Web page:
Wiltonbooks has struck up a deal with Jonah to publish a book of Spider-Man photos Peter has taken over the years entitled "Webs". Since Peter doesn't own the rights to the photos, he's not eligible for any royalties. Wiltonbooks offers him a $25,000 partial royalty payment in exchange for going on an all expense paid tour promoting the book. He agrees to this in order to pay for his upcoming return to graduate school.
The first stop of the tour involves Los Angeles and a charity event sponsored by Transcorp. Transcorp has recently re-discovered a priceless artifact, the Valencia Chalice. It is on a display in L.A. before being taken back to Europe as part of a goodwill effort. During the party, the Black Fox, intent on stealing it for himself, tricks Spider-Man into revealing his presence at the party. A last minute save from Mary Jane announcing a special appearance from Spider-Man keeps his identity secret. With little choice, he goes along with it and begins to mingle. The Fox returns to find the Prowler (Hobie Brown) intent on taking the chalice for himself.
|Reprinted In:||Spider-Man Annual (UK) 1990|
|Reprinted In:||Spider-Man: Visionaries - Todd McFarlane (TPB)|
Spider-Man finishes signing autographs for a crowd of celebrities and resumes his search for the Black Fox. He finds the Prowler trying to take the Valencia chalice. When he tries to stop him, Prowler attacks. The Black Fox slips away with the chalice during their fight. When they hear the security guards coming, Prowler tells Spider-Man that he needs the chalice to free his wife from prison due to her unfortunate employment with Transcorp. He begs Spider-Man to meet him at the Algonquin Hotel tomorrow morning and all will be explained. Based on their history, Spider-Man trusts him and lets him leave. The next day at the Algonquin, he soon discovers that Prowler has set him up.
That night Spider-Man hangs out at the Transcorp building in the hopes that he can find something about the missing artifact. He notices Prowler sneaking around the rooftops, grabs him, and demands to know what's going on. Hobie confesses he was too scared to meet him at the hotel because of possible repercussions from Transcorp. He informs Spider-Man that his wife Mindy was set up as a scapegoat for Transcorp's illegal stock transactions and sent to prison. Through his "research" as the Prowler, he discovered the real set of books have been encoded onto a chip hidden inside one of the jewels in the Valencia Chalice. This entire goodwill tour of the chalice is an elaborate smokescreen to smuggle the information chip out of the country since goodwill shipments are not inspected. The information will be shipped back to the owner of Transcorp - Justin Hammer. Spider-Man understands and offer his assistance.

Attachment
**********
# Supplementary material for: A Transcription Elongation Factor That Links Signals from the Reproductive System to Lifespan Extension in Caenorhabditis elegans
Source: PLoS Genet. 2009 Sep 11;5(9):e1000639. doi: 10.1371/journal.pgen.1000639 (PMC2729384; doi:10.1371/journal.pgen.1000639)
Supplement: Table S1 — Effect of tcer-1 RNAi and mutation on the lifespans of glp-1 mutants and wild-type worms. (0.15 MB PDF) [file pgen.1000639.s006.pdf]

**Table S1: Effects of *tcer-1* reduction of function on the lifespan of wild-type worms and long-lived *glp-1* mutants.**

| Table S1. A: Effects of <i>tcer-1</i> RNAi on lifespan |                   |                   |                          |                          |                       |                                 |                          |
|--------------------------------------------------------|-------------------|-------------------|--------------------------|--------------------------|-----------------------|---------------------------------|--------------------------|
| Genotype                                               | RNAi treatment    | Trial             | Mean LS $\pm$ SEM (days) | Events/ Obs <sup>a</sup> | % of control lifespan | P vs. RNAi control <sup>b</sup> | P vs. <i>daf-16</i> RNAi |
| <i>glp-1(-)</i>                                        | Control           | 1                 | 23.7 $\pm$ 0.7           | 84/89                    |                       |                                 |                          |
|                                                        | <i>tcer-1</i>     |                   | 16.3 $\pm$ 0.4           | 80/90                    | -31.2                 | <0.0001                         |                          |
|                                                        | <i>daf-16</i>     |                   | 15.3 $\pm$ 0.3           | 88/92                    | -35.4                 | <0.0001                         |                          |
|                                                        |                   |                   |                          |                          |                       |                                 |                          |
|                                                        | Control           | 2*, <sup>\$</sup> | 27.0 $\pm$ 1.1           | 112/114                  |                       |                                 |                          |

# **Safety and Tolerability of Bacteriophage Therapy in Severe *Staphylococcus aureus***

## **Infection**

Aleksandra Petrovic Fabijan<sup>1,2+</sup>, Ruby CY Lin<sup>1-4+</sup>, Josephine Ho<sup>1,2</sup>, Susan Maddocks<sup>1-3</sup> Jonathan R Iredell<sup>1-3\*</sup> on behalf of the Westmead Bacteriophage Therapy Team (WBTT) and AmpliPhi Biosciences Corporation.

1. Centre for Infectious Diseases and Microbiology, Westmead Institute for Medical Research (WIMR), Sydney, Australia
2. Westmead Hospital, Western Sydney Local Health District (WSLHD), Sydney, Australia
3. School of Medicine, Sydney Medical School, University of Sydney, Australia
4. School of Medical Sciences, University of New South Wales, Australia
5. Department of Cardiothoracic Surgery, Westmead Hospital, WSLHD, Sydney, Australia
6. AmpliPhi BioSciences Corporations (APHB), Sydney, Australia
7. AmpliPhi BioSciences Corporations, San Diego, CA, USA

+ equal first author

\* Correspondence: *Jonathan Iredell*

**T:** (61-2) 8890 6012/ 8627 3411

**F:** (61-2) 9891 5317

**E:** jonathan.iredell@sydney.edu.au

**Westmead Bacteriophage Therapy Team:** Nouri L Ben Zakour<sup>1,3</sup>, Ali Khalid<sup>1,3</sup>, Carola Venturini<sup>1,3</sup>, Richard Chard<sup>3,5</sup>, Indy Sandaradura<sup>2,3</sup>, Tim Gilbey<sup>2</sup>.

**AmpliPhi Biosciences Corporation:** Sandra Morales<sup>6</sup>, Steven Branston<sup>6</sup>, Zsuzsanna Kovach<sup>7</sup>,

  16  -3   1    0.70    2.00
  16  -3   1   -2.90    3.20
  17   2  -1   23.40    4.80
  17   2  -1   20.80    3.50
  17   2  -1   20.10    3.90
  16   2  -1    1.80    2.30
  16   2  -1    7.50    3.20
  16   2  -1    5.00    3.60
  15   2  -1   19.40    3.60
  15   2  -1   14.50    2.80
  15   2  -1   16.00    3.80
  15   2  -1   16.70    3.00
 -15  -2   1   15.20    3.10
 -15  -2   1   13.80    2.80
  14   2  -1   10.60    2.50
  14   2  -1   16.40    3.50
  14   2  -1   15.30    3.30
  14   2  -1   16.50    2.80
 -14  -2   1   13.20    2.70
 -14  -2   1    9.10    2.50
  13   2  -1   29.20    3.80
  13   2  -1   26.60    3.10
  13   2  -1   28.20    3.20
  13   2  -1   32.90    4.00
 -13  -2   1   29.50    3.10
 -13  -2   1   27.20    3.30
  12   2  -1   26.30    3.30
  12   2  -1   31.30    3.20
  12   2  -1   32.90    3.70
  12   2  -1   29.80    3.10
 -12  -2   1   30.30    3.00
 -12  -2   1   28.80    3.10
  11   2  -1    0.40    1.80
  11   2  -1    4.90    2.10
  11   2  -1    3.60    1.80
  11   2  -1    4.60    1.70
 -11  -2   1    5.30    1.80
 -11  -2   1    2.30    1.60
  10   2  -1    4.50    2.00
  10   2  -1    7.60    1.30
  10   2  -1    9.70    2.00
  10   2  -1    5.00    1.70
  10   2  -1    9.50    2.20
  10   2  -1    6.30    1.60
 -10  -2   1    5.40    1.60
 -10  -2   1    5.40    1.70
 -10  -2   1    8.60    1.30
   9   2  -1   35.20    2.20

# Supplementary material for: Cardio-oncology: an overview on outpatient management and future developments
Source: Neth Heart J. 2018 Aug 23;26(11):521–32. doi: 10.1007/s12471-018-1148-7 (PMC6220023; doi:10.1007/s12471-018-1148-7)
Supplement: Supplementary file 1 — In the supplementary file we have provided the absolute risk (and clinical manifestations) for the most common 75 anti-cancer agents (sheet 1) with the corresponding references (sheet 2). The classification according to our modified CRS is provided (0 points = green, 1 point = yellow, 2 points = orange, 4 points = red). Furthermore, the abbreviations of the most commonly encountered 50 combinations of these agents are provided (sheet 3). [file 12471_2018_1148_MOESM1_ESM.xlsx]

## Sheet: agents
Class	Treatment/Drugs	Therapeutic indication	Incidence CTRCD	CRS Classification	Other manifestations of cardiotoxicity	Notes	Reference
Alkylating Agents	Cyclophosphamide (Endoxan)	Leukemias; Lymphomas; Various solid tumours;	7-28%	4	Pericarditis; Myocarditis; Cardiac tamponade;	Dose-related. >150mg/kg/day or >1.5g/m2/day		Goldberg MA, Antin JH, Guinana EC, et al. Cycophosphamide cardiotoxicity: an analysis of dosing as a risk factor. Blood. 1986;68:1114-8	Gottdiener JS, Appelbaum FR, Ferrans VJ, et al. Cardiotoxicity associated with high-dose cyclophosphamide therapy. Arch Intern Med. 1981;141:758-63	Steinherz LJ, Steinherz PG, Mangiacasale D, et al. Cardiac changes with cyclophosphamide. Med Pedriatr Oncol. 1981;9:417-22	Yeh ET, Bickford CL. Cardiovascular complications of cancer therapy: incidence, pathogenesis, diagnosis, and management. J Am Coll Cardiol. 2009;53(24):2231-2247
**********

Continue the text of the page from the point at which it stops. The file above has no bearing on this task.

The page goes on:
Using one of Prowler's homemade listening devices, they eavesdrop on Troy Fishburne, head of Transcorp West Coast (reminds me of Dabney Coleman, but I digress) who is responsible for this operation. They overhear him telling his enforcers they have located the Black Fox at Long Beach. He dispatches them to capture the Fox and retrieve the chalice. Spider-Man and the Prowler quickly make their way to intercept.
While Prowler detains the Transcorp goons, Spider-Man catches the Black Fox. The Fox begs for mercy raising the point that incarceration may prove fatal to him at his age. Spider-Man begins to wonder if he's right. When he swears on his mother's grave to never steal again, Spider-Man reluctantly lets him go, relieving him of the chalice. The next morning the information on the chip proves to be sufficient to release Mindy from prison.
As the Black Fox leaves for Europe, he reflects on his latest job. Despite the abysmal failure to acquire anything to fence, he manages a laugh at Spider- Man's ready acceptance of his oath - on his mother's grave - to never steal again. When he returns home, he'll tell his mother about that, knowing she'll get a laugh as well.
Someone went to the trouble of encoding accounting information onto a chip, hiding it in priceless artifact, and tried to smuggle it out of the country. Am I the only one that thinks this is a bad idea? There are too many things that can go wrong - like someone trying to steal your carrier for instance. It's too high profile of a target.
Keeping in mind that at this point there wasn't a true Internet nor any other digital means of transportation, there still had to be a better way to get this kind of incriminating evidence out of the country. Why not have a flunky transport the data personally? Attache case with a handcuff anyone? That would have been a better option.
With that out of the way, I'm at a loss to suggest a better alternative. Given that this story had to be wrapped up by end of issue to start the bi- weekly schedule, this was an effective plot device. I will assume the Transcorp executives were looking for the path of least resistance.
Despite the rant above, the story is enjoyable. I'll be honest, I think the Prowler is one of the best supporting characters in the Spider-Man books. In most cases when the Prowler is used, it's a good story. This is probably the best story involving the character. That alone overrides any other minor problems I have. 3.5 webs